Ichiro Ozawa, President
The Japanese Constitution celebrates its 68th anniversary this May. A constitution is a set of rules decided upon by the people of a nation in order to protect that nation and the livelihoods of its citizens, and is the foundation on which all other laws and systems are based. Therefore, it is obvious that it needs to possess both stability and rigidity. Article 96 of the Japanese Constitution stipulates that a majority of two thirds or more of both Houses of the Diet will be needed for constitutional revision. It is likely that this requirement was put in place to prevent easy revision of the Constitution that runs counter to its basic philosophy.
Likewise, the four great principles of the sovereignty of the people, respect for basic human rights, pacifism, and international cooperation set forth in the preamble of the Japanese Constitution are universal human values that should still be respected today. Furthermore, these values are consistent with those expressed in the United Nations Charter, and we should continue to adhere to them.
On the other hand, it is ridiculous to say that the Constitution should never be revised under any circumstances, and there is thus not much meaning in the old standoff between those who want to protect the Constitution and those who want to revise it. If we have reached a situation where changes in the times and in global affairs mean that the provisions of the Constitution no longer fulfill their function of protecting the future direction of the nation and the lives of its citizens, then naturally it is acceptable for the people themselves to decide to change it.
However, if we look at the ruling Liberal Democratic Party’s (LDP’s) Constitution revision proposal, it is drafted from the perspective that the nation takes priority over individual citizens. It demonstrates a way of thinking that ignores and denies the basic philosophy of the Japanese Constitution. This should not be accepted under any circumstances. The draft proposal exceeds the boundaries of constitutional revision, and should rather be described as an attempt to create a new Constitution. This “revision” the LDP is attempting to implement fundamentally repudiates the philosophy of the Japanese Constitution. Consequently, it has no continuity with the present Constitution, and moreover, its contents could be said to be more reactionary than the old Meiji Constitution.
If the Abe Cabinet were to broach the subject of constitutional reform directly, they would face strong opposition and it would be very difficult for them to proceed. Instead they have used sleight of hand and weasel words in a drip-drip-drip approach to bring about what is a revision of the Constitution in all but name. Last summer’s Cabinet decision permitting the use of the right to collective self-defence is a prime example of this. The ruling parties are now trying to establish a legal framework that goes further than the use of the right to collective self-defence. This method which totally ignores the Constitution, and should never be permitted by a democratic nation that respects the rule of law.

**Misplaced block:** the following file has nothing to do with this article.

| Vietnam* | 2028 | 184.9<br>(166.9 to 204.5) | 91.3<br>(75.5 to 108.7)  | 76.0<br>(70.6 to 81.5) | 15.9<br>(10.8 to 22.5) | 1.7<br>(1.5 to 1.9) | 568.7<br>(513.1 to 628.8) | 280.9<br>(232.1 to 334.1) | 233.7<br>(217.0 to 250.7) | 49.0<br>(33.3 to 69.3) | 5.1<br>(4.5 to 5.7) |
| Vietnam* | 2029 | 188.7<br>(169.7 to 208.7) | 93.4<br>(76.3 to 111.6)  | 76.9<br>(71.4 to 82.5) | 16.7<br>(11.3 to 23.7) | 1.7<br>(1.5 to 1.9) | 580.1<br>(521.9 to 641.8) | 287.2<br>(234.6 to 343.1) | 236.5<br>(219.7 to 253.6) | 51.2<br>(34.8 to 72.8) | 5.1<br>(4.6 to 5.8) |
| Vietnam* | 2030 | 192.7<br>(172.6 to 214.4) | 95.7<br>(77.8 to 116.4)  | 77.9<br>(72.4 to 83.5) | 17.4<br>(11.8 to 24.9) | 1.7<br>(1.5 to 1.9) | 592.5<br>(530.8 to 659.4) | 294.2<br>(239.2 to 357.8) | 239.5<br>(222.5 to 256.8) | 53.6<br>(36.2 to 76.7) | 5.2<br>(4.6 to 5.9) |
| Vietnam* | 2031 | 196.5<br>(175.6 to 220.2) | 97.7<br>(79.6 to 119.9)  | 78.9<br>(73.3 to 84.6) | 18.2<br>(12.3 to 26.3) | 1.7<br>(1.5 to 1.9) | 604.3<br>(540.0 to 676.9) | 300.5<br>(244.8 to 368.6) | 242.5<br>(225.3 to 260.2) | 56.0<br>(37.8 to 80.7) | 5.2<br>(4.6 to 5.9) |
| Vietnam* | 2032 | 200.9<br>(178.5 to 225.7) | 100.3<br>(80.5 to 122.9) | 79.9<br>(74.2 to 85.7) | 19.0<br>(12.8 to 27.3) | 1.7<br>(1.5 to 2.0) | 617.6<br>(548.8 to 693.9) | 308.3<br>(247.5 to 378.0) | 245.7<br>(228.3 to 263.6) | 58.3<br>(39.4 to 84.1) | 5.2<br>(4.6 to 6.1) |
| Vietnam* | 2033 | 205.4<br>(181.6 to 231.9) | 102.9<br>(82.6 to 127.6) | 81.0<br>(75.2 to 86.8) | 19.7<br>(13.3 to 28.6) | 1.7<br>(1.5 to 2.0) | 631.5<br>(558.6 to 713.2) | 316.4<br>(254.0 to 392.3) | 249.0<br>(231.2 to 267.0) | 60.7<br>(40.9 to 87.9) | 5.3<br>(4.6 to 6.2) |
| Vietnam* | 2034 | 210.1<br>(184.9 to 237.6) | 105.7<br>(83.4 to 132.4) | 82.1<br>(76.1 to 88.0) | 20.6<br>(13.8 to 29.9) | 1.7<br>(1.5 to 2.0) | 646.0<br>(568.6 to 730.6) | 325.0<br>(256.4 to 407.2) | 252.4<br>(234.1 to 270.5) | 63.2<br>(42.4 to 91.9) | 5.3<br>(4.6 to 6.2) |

If Prime Minister Abe truly believes it is necessary to use the right to collective self-defence for the sake of Japan, he should put a proposal to revise Article 9 of the Constitution directly to the Japanese people. The government should not just take palliative measures, but make sure it engages in honest political governance.
For the government to avoid engaging in open discussion, and to conceal their purpose with fine-sounding words by building up fait accompli in a slow drip-drip-drip way, is to repeat the history of the years leading up to WWII. Then people said to themselves, “Well, we have ended up coming this far, so there is nothing we can do about it.” This happened repeatedly, and so Japan found itself gradually sliding down the slippery slope into that terrible war. I am concerned that Prime Minister Abe’s use of similar methods will lead Japan in the wrong direction and cause irreparable damage to the lives of the Japanese people.
The philosophy espoused by the Japanese Constitution is founded upon the sovereignty of the people. In other words a “community state” is created based on a consensus obtained by free-thinking citizens engaging in free debate, and it is the Constitution which regulates this community state and acts as the highest legislative instrument whose purpose is to protect citizen’s lives. At the heart of this lies the expression of an individual’s free will, and that is the most important constitutional principle.
I believe that we have reached a moment in time where each citizen of Japan needs to properly understand this fact, and to be prepared to express their opinion on this issue. That is a measure of how dangerous the situation facing Japan today really is. When it comes to constitutional revision, inciting or forcing people to take a certain viewpoint can certainly never be described as sovereignty of the people.